The construction of houses for those made homeless by the enormous earthquake that shook sections of the country and neighboring Syria and left tens of thousands dead has reportedly begun, according to Turkish authorities.
The government wants to first construct 855 homes in the towns of Nurdagi and Islahiye in the Gaziantep province, according to tweets from Murat Kurum, the minister for the environment, urbanization, and climate change.
Less than three weeks have passed since the magnitude 7.8 earthquake that killed more than 47,000 people in Turkey and Syria, mostly in Turkey, struck.
According to Turkish authorities, the earthquake on February 6 and subsequent powerful earthquakes that followed it caused about 173,000 buildings, holding over 534,000 flats or other units, to either collapse or suffer significant damage.
Recep Tayyip Erdogan, the president of Turkey, who is up for reelection in either May or June, has pledged to rebuild homes within a year. However, critics have warned that moving too quickly could only result in the construction of more subpar homes.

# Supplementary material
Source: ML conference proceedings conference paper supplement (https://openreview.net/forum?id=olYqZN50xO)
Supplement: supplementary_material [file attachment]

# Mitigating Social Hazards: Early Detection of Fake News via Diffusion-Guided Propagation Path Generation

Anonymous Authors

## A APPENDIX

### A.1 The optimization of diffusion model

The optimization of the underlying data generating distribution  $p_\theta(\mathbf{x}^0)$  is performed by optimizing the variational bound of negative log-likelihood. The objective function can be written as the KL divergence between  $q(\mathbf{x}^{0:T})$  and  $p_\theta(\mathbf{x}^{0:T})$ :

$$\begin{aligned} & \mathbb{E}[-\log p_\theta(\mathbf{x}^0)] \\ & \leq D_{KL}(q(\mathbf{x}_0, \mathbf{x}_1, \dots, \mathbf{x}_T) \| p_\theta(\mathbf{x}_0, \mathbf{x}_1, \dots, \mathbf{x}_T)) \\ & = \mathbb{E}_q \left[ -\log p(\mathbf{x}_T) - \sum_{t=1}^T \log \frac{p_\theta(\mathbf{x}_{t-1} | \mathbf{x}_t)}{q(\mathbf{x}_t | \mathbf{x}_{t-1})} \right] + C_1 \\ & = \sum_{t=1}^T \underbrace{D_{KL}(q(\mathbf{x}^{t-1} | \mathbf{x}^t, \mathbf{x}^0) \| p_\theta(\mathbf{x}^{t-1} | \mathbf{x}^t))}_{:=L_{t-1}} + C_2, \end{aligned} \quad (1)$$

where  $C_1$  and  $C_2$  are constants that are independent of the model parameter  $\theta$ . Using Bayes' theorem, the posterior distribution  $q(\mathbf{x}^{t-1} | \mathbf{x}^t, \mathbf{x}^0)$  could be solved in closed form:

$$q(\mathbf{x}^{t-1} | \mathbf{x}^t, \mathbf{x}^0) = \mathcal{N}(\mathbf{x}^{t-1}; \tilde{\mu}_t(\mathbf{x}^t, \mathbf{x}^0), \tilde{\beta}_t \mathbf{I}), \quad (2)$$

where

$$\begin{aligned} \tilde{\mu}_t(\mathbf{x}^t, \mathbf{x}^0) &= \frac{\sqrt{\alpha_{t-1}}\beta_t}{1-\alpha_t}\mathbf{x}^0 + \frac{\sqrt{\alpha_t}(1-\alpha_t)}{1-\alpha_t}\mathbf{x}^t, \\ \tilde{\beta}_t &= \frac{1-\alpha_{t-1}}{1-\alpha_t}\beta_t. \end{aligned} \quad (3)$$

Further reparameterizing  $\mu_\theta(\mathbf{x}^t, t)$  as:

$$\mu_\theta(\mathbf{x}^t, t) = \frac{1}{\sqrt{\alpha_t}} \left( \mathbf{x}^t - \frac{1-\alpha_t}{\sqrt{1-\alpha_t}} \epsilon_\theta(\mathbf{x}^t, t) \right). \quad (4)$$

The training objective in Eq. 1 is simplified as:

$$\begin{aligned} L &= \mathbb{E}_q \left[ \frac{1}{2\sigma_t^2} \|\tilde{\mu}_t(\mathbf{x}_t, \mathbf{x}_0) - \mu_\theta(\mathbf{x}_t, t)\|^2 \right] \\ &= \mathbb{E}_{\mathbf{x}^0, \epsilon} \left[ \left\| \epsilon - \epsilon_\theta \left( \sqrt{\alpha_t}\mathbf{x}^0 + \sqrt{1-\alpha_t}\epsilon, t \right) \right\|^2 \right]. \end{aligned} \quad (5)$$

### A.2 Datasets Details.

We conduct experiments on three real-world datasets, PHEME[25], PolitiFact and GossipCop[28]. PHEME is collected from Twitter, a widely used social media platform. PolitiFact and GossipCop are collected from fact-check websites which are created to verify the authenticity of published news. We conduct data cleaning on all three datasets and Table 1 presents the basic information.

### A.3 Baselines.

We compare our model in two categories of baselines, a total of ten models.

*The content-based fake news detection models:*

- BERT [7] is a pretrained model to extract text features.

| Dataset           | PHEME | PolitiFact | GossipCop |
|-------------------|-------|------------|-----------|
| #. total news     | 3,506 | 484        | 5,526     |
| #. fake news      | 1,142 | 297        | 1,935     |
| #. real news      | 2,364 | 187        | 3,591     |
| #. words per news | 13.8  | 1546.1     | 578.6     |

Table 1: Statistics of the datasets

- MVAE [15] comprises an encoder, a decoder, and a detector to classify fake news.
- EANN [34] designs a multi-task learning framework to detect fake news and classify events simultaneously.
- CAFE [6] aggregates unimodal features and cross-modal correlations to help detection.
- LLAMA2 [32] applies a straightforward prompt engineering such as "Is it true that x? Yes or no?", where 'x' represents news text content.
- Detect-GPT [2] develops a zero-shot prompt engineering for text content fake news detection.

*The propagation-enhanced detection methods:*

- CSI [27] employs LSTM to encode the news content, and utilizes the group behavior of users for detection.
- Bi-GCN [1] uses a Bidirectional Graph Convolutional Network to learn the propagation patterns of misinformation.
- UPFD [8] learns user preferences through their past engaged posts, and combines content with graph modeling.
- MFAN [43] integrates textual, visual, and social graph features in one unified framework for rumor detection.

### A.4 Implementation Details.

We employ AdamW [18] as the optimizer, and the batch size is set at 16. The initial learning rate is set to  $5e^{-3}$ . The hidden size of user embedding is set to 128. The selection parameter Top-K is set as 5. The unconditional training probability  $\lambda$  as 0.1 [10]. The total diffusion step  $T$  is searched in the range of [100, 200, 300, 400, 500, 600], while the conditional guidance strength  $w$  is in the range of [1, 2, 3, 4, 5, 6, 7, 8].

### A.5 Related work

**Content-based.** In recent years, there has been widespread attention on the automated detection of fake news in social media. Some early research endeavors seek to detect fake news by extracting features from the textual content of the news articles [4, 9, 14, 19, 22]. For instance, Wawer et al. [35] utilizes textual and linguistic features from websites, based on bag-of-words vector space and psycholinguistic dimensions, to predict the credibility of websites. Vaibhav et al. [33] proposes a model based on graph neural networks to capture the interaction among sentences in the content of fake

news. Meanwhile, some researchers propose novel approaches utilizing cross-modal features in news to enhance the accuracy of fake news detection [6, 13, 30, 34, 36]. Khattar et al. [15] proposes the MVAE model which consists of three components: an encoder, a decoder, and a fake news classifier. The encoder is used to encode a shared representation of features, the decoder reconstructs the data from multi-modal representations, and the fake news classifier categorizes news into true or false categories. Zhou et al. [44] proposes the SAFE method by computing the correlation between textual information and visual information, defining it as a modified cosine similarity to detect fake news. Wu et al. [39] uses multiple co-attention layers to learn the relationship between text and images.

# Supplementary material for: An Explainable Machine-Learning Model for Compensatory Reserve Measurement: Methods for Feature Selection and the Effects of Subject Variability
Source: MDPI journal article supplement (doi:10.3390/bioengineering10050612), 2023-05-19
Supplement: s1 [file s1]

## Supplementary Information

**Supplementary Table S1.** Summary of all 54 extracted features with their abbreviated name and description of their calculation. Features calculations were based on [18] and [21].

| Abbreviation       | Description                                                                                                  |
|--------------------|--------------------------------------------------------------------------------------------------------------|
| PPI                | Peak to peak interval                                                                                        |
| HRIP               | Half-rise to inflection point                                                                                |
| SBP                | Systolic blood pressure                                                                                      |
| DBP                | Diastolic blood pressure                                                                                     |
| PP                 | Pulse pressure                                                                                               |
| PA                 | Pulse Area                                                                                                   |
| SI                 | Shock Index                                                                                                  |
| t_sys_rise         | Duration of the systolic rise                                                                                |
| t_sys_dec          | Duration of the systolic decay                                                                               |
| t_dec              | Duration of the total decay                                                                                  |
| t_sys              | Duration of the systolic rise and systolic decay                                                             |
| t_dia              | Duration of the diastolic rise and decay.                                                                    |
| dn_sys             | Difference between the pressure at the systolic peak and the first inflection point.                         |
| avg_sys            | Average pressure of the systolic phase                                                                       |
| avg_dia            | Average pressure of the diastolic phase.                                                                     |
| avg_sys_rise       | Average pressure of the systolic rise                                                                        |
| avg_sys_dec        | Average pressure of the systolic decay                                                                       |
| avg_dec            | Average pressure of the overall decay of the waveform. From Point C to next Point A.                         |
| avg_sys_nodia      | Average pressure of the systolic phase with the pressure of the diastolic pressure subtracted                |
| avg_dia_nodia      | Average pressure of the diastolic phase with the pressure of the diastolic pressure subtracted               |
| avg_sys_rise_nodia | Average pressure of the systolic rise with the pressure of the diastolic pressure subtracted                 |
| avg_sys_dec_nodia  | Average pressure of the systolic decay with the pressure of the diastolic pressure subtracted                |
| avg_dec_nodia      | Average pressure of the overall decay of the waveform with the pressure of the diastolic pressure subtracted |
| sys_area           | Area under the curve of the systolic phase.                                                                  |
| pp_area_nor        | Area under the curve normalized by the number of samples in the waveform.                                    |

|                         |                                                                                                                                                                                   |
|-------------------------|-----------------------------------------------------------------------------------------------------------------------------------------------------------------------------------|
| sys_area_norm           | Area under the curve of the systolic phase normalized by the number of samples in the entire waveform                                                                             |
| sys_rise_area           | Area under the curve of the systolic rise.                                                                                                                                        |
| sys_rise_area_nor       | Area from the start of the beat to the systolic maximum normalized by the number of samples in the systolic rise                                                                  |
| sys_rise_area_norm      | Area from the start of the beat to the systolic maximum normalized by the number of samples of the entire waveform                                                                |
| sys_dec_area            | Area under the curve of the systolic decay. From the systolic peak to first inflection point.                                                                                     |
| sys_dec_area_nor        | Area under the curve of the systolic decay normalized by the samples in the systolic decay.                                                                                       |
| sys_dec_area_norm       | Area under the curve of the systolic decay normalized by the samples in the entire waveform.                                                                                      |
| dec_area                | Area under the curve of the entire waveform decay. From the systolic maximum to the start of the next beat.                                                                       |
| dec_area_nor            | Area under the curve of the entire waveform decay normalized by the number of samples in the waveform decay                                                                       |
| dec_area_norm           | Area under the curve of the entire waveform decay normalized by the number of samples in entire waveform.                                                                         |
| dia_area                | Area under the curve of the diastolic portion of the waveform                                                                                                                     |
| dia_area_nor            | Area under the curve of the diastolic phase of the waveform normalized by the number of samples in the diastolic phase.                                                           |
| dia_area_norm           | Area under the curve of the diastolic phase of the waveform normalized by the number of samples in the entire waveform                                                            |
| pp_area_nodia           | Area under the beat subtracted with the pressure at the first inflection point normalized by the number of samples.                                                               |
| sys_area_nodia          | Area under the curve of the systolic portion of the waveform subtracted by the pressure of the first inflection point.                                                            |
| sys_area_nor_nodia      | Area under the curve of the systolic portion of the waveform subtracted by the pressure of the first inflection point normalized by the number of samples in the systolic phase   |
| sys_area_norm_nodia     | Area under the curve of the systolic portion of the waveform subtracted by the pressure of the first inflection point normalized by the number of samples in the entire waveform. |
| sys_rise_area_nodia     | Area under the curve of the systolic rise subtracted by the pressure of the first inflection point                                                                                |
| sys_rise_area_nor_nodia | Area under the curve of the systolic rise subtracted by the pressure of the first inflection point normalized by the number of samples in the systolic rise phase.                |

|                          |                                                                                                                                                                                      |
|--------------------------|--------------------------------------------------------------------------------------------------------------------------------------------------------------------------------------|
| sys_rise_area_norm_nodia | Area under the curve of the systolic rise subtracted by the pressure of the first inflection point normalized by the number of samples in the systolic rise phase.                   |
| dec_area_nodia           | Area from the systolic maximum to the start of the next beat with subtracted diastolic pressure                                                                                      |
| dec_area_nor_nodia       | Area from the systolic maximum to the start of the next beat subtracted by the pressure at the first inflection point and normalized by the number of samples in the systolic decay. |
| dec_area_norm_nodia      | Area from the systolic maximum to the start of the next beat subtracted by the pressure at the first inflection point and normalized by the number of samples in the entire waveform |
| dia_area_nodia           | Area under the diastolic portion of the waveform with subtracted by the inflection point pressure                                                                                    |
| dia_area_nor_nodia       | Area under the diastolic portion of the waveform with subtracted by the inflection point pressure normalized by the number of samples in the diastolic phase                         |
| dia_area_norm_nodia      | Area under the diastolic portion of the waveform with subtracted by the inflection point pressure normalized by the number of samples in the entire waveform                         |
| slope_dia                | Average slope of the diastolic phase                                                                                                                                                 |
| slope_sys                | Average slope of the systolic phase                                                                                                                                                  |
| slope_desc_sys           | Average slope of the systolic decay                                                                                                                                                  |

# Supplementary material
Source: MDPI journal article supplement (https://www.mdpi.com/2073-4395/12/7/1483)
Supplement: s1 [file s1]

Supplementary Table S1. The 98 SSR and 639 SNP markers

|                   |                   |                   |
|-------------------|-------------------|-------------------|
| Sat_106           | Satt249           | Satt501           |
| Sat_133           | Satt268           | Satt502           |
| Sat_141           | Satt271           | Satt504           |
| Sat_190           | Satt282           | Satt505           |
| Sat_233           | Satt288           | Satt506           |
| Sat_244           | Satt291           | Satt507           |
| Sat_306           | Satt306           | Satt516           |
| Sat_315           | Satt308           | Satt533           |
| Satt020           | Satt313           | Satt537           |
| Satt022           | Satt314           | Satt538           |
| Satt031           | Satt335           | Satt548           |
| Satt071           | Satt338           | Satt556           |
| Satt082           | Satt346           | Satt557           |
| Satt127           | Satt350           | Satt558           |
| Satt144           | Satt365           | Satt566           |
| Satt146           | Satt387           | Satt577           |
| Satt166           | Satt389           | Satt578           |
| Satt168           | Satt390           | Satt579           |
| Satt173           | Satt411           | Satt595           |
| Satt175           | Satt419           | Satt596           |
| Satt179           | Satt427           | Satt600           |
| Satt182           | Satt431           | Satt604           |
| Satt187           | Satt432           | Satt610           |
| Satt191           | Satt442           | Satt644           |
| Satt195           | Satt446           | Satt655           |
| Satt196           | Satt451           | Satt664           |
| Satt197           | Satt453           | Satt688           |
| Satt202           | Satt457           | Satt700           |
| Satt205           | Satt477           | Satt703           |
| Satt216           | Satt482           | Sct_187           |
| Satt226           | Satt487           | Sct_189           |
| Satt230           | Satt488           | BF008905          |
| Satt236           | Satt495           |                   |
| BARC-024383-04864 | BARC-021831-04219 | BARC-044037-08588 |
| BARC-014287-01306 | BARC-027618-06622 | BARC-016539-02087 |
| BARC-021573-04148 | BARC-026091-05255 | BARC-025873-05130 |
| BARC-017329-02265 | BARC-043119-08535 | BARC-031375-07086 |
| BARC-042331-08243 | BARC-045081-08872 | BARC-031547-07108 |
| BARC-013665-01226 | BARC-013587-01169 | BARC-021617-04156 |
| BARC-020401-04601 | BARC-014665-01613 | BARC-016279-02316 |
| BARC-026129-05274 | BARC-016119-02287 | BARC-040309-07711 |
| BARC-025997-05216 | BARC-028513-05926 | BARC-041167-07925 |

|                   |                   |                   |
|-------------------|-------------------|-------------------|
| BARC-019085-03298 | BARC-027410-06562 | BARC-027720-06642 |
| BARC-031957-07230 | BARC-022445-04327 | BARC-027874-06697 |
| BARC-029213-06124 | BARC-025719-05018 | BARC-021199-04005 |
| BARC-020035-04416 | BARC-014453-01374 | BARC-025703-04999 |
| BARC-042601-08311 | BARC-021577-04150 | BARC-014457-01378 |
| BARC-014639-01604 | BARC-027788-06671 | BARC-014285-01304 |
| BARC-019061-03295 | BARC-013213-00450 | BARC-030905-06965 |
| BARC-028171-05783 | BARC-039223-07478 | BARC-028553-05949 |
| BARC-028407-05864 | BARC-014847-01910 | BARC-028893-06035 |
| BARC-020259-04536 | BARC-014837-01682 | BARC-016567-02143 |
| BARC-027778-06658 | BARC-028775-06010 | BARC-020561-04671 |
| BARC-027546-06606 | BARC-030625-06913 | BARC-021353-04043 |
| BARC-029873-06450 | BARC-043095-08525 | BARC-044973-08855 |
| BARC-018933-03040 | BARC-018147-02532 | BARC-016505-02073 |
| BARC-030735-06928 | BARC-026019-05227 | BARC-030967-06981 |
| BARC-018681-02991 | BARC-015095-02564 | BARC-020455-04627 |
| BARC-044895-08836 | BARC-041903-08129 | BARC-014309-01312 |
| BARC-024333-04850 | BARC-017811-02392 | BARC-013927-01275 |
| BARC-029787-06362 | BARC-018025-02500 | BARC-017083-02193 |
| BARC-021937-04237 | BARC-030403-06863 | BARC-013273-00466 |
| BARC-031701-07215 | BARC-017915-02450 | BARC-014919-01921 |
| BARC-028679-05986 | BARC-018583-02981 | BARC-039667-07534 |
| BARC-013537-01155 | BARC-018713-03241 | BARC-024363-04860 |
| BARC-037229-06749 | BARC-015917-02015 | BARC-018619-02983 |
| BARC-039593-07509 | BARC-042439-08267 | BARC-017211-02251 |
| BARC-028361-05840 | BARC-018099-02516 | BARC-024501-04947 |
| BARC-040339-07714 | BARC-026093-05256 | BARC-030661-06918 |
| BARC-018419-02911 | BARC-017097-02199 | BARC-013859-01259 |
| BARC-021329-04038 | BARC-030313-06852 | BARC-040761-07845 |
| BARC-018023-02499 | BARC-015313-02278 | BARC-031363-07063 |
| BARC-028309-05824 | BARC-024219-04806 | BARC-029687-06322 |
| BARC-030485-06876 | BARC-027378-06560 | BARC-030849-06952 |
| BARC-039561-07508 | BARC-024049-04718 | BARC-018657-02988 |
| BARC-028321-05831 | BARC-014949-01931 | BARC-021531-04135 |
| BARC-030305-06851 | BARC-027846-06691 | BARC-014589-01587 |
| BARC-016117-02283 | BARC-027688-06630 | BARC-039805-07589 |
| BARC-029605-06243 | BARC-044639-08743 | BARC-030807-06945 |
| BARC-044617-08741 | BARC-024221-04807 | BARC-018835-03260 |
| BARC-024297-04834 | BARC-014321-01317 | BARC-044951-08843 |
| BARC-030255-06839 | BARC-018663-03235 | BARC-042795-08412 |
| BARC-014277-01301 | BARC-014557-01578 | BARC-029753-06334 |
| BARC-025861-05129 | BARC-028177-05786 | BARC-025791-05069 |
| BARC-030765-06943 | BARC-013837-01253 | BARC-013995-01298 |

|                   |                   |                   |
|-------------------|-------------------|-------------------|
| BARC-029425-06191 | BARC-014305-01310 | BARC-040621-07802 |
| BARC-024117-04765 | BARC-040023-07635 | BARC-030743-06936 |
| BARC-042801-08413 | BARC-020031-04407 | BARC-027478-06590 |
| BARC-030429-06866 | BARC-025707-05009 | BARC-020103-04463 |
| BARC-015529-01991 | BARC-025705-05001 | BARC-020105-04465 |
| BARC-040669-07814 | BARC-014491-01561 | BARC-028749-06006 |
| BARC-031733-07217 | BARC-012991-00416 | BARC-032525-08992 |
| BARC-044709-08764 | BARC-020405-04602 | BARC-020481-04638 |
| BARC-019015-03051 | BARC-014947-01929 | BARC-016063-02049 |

The government of Mr. Erdogan, which has been in power for the previous 20 years, has also come under fire from opposition parties for neglecting to enforce building codes, which they claim contributed to the disaster’s scope.
According to experts, many of the facilities that collapsed were constructed using subpar materials and techniques and frequently did not meet official regulations.
The United Nations Children’s Fund reported on Friday that more than a million people were residing in makeshift housing, including hotels, stadiums, gyms, and dorms, with limited access to basic services.
Afshan Khan, regional director for Unicef in Europe and Central Asia, stated that “the children and families who survived the earthquake now face homelessness, lack of food and water, and consistently below-freezing nighttime temperatures.”
The urbanization minister, Mr. Kurum, published a video of an excavator leveling ground.
All of our efforts are focused on giving our folks houses as soon as possible, he stated. “Where we have signed contracts and finished ground survey work, we promptly began to work.”
An earlier decree by Mr. Erdogan on Friday allows people, corporations, or organizations to construct homes or offices and donate them to Mr. Kurum’s ministry, which will subsequently distribute them to people who lost their homes or places of business.
Bekir Bozdag, the minister of justice, announced late on Thursday that 171 arrests had already been made out of 583 contractors or other people suspected of being at fault for collapsing structures.